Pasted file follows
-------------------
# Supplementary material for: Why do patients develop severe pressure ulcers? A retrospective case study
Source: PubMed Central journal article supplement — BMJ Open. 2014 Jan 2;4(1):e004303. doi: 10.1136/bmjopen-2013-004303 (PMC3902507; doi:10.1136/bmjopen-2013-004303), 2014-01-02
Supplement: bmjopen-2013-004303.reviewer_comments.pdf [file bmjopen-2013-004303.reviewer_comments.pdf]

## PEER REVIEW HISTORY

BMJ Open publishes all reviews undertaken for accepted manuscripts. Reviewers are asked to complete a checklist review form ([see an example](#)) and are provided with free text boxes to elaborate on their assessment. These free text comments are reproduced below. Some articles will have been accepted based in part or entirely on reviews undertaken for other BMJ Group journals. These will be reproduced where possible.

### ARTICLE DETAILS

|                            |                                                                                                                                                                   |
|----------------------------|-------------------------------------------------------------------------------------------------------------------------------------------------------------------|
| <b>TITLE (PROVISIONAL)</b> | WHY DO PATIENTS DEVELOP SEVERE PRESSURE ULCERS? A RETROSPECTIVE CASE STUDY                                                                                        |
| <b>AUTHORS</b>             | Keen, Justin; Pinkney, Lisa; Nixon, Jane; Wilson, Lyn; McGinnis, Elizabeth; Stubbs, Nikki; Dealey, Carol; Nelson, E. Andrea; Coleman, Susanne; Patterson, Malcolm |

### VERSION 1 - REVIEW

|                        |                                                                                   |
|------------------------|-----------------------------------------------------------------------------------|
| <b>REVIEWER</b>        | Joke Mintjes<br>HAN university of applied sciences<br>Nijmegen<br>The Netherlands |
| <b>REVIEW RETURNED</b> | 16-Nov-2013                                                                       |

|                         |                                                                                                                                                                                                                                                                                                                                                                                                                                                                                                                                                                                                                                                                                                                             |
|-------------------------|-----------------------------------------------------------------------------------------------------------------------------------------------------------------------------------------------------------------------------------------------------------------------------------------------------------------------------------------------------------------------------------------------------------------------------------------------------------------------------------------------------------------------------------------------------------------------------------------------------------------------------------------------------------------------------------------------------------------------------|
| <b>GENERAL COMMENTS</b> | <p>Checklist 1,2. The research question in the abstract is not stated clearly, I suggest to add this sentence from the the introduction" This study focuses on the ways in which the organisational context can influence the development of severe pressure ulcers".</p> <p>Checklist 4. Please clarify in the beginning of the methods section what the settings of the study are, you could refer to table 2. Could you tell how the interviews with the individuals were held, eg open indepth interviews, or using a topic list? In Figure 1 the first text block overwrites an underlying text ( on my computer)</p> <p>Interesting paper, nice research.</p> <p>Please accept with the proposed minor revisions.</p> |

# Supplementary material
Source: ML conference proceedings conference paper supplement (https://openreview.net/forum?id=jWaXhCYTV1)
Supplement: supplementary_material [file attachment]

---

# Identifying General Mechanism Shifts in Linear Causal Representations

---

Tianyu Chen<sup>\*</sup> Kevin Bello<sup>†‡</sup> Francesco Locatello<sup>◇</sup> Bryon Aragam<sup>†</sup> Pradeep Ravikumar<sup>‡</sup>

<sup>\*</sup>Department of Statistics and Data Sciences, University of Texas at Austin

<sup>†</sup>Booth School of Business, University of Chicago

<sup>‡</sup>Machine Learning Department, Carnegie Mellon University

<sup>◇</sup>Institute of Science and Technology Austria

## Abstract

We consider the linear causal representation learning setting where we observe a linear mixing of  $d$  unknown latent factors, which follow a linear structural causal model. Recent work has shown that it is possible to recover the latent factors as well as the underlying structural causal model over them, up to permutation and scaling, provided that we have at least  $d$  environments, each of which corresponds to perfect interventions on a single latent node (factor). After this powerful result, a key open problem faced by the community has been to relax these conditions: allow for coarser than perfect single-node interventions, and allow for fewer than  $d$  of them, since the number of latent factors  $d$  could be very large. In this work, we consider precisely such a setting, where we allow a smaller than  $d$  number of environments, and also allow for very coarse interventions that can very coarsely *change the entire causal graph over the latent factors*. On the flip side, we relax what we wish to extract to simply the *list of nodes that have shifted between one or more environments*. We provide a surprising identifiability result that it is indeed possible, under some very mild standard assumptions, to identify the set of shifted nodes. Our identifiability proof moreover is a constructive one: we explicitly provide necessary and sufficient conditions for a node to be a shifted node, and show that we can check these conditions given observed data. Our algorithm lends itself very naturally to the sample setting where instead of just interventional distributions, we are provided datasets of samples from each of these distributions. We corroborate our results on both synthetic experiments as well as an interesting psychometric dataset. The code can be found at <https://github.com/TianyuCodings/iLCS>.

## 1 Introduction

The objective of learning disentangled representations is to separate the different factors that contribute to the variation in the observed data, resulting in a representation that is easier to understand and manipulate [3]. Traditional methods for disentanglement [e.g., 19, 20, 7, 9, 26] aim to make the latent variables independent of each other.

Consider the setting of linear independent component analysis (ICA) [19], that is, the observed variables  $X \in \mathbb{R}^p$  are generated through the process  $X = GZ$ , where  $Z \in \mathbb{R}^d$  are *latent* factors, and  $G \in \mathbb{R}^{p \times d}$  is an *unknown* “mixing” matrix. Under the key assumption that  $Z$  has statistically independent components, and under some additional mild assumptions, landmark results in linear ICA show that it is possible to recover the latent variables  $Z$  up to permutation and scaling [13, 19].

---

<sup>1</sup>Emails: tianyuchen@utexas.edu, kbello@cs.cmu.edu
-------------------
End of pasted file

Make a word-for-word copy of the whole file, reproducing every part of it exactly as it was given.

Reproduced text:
# Supplementary material for: Why do patients develop severe pressure ulcers? A retrospective case study
Source: PubMed Central journal article supplement — BMJ Open. 2014 Jan 2;4(1):e004303. doi: 10.1136/bmjopen-2013-004303 (PMC3902507; doi:10.1136/bmjopen-2013-004303), 2014-01-02
Supplement: bmjopen-2013-004303.reviewer_comments.pdf [file bmjopen-2013-004303.reviewer_comments.pdf]

## PEER REVIEW HISTORY

BMJ Open publishes all reviews undertaken for accepted manuscripts. Reviewers are asked to complete a checklist review form ([see an example](#)) and are provided with free text boxes to elaborate on their assessment. These free text comments are reproduced below. Some articles will have been accepted based in part or entirely on reviews undertaken for other BMJ Group journals. These will be reproduced where possible.

### ARTICLE DETAILS

|                            |                                                                                                                                                                   |
|----------------------------|-------------------------------------------------------------------------------------------------------------------------------------------------------------------|
| <b>TITLE (PROVISIONAL)</b> | WHY DO PATIENTS DEVELOP SEVERE PRESSURE ULCERS? A RETROSPECTIVE CASE STUDY                                                                                        |
| <b>AUTHORS</b>             | Keen, Justin; Pinkney, Lisa; Nixon, Jane; Wilson, Lyn; McGinnis, Elizabeth; Stubbs, Nikki; Dealey, Carol; Nelson, E. Andrea; Coleman, Susanne; Patterson, Malcolm |

### VERSION 1 - REVIEW

|                        |                                                                                   |
|------------------------|-----------------------------------------------------------------------------------|
| <b>REVIEWER</b>        | Joke Mintjes<br>HAN university of applied sciences<br>Nijmegen<br>The Netherlands |
| <b>REVIEW RETURNED</b> | 16-Nov-2013                                                                       |

|                         |                                                                                                                                                                                                                                                                                                                                                                                                                                                                                                                                                                                                                                                                                                                             |
|-------------------------|-----------------------------------------------------------------------------------------------------------------------------------------------------------------------------------------------------------------------------------------------------------------------------------------------------------------------------------------------------------------------------------------------------------------------------------------------------------------------------------------------------------------------------------------------------------------------------------------------------------------------------------------------------------------------------------------------------------------------------|
| <b>GENERAL COMMENTS</b> | <p>Checklist 1,2. The research question in the abstract is not stated clearly, I suggest to add this sentence from the the introduction" This study focuses on the ways in which the organisational context can influence the development of severe pressure ulcers".</p> <p>Checklist 4. Please clarify in the beginning of the methods section what the settings of the study are, you could refer to table 2. Could you tell how the interviews with the individuals were held, eg open indepth interviews, or using a topic list? In Figure 1 the first text block overwrites an underlying text ( on my computer)</p> <p>Interesting paper, nice research.</p> <p>Please accept with the proposed minor revisions.</p> |

# Supplementary material
Source: ML conference proceedings conference paper supplement (https://openreview.net/forum?id=jWaXhCYTV1)
Supplement: supplementary_material [file attachment]

---

# Identifying General Mechanism Shifts in Linear Causal Representations

---

Tianyu Chen<sup>\*</sup> Kevin Bello<sup>†‡</sup> Francesco Locatello<sup>◇</sup> Bryon Aragam<sup>†</sup> Pradeep Ravikumar<sup>‡</sup>

<sup>\*</sup>Department of Statistics and Data Sciences, University of Texas at Austin

<sup>†</sup>Booth School of Business, University of Chicago

<sup>‡</sup>Machine Learning Department, Carnegie Mellon University

<sup>◇</sup>Institute of Science and Technology Austria

## Abstract

We consider the linear causal representation learning setting where we observe a linear mixing of  $d$  unknown latent factors, which follow a linear structural causal model. Recent work has shown that it is possible to recover the latent factors as well as the underlying structural causal model over them, up to permutation and scaling, provided that we have at least  $d$  environments, each of which corresponds to perfect interventions on a single latent node (factor). After this powerful result, a key open problem faced by the community has been to relax these conditions: allow for coarser than perfect single-node interventions, and allow for fewer than  $d$  of them, since the number of latent factors  $d$  could be very large. In this work, we consider precisely such a setting, where we allow a smaller than  $d$  number of environments, and also allow for very coarse interventions that can very coarsely *change the entire causal graph over the latent factors*. On the flip side, we relax what we wish to extract to simply the *list of nodes that have shifted between one or more environments*. We provide a surprising identifiability result that it is indeed possible, under some very mild standard assumptions, to identify the set of shifted nodes. Our identifiability proof moreover is a constructive one: we explicitly provide necessary and sufficient conditions for a node to be a shifted node, and show that we can check these conditions given observed data. Our algorithm lends itself very naturally to the sample setting where instead of just interventional distributions, we are provided datasets of samples from each of these distributions. We corroborate our results on both synthetic experiments as well as an interesting psychometric dataset. The code can be found at <https://github.com/TianyuCodings/iLCS>.

## 1 Introduction

The objective of learning disentangled representations is to separate the different factors that contribute to the variation in the observed data, resulting in a representation that is easier to understand and manipulate [3]. Traditional methods for disentanglement [e.g., 19, 20, 7, 9, 26] aim to make the latent variables independent of each other.

Consider the setting of linear independent component analysis (ICA) [19], that is, the observed variables  $X \in \mathbb{R}^p$  are generated through the process  $X = GZ$ , where  $Z \in \mathbb{R}^d$  are *latent* factors, and  $G \in \mathbb{R}^{p \times d}$  is an *unknown* “mixing” matrix. Under the key assumption that  $Z$  has statistically independent components, and under some additional mild assumptions, landmark results in linear ICA show that it is possible to recover the latent variables  $Z$  up to permutation and scaling [13, 19].

---

<sup>1</sup>Emails: tianyuchen@utexas.edu, kbello@cs.cmu.edu